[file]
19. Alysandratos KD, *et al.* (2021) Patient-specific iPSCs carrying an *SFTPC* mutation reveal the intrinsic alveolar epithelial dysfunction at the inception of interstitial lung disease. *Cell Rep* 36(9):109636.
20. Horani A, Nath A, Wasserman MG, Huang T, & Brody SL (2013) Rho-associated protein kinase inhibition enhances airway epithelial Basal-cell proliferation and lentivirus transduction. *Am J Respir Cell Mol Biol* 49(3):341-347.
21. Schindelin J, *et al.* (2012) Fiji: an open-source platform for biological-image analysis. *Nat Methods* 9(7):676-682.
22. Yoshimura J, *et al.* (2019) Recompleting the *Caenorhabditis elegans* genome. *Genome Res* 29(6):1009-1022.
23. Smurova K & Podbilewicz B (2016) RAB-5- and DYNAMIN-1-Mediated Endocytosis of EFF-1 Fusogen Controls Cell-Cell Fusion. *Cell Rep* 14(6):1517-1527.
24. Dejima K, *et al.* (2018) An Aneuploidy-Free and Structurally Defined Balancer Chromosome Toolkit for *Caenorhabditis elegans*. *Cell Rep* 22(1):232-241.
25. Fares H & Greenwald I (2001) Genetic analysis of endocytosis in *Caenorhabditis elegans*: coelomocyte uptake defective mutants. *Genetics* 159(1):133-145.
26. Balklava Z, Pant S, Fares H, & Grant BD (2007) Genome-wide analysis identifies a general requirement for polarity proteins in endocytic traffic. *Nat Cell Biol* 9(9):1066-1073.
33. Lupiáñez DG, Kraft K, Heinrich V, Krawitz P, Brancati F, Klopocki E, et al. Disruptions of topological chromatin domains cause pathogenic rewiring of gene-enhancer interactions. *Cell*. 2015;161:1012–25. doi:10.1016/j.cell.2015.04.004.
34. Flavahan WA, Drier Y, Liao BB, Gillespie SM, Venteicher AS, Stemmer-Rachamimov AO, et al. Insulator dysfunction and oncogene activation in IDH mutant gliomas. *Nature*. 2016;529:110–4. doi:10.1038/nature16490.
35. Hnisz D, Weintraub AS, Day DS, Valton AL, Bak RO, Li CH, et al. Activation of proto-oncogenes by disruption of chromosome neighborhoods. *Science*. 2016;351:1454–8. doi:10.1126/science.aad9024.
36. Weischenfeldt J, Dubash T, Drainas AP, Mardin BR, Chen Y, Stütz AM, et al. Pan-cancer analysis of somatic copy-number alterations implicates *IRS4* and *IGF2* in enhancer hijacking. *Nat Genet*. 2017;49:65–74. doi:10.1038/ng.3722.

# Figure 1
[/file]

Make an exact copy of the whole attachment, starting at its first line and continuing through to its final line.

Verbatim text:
19. Alysandratos KD, *et al.* (2021) Patient-specific iPSCs carrying an *SFTPC* mutation reveal the intrinsic alveolar epithelial dysfunction at the inception of interstitial lung disease. *Cell Rep* 36(9):109636.
20. Horani A, Nath A, Wasserman MG, Huang T, & Brody SL (2013) Rho-associated protein kinase inhibition enhances airway epithelial Basal-cell proliferation and lentivirus transduction. *Am J Respir Cell Mol Biol* 49(3):341-347.
21. Schindelin J, *et al.* (2012) Fiji: an open-source platform for biological-image analysis. *Nat Methods* 9(7):676-682.
22. Yoshimura J, *et al.* (2019) Recompleting the *Caenorhabditis elegans* genome. *Genome Res* 29(6):1009-1022.
23. Smurova K & Podbilewicz B (2016) RAB-5- and DYNAMIN-1-Mediated Endocytosis of EFF-1 Fusogen Controls Cell-Cell Fusion. *Cell Rep* 14(6):1517-1527.
24. Dejima K, *et al.* (2018) An Aneuploidy-Free and Structurally Defined Balancer Chromosome Toolkit for *Caenorhabditis elegans*. *Cell Rep* 22(1):232-241.
25. Fares H & Greenwald I (2001) Genetic analysis of endocytosis in *Caenorhabditis elegans*: coelomocyte uptake defective mutants. *Genetics* 159(1):133-145.
26. Balklava Z, Pant S, Fares H, & Grant BD (2007) Genome-wide analysis identifies a general requirement for polarity proteins in endocytic traffic. *Nat Cell Biol* 9(9):1066-1073.
33. Lupiáñez DG, Kraft K, Heinrich V, Krawitz P, Brancati F, Klopocki E, et al. Disruptions of topological chromatin domains cause pathogenic rewiring of gene-enhancer interactions. *Cell*. 2015;161:1012–25. doi:10.1016/j.cell.2015.04.004.
34. Flavahan WA, Drier Y, Liao BB, Gillespie SM, Venteicher AS, Stemmer-Rachamimov AO, et al. Insulator dysfunction and oncogene activation in IDH mutant gliomas. *Nature*. 2016;529:110–4. doi:10.1038/nature16490.
35. Hnisz D, Weintraub AS, Day DS, Valton AL, Bak RO, Li CH, et al. Activation of proto-oncogenes by disruption of chromosome neighborhoods. *Science*. 2016;351:1454–8. doi:10.1126/science.aad9024.
36. Weischenfeldt J, Dubash T, Drainas AP, Mardin BR, Chen Y, Stütz AM, et al. Pan-cancer analysis of somatic copy-number alterations implicates *IRS4* and *IGF2* in enhancer hijacking. *Nat Genet*. 2017;49:65–74. doi:10.1038/ng.3722.

# Figure 1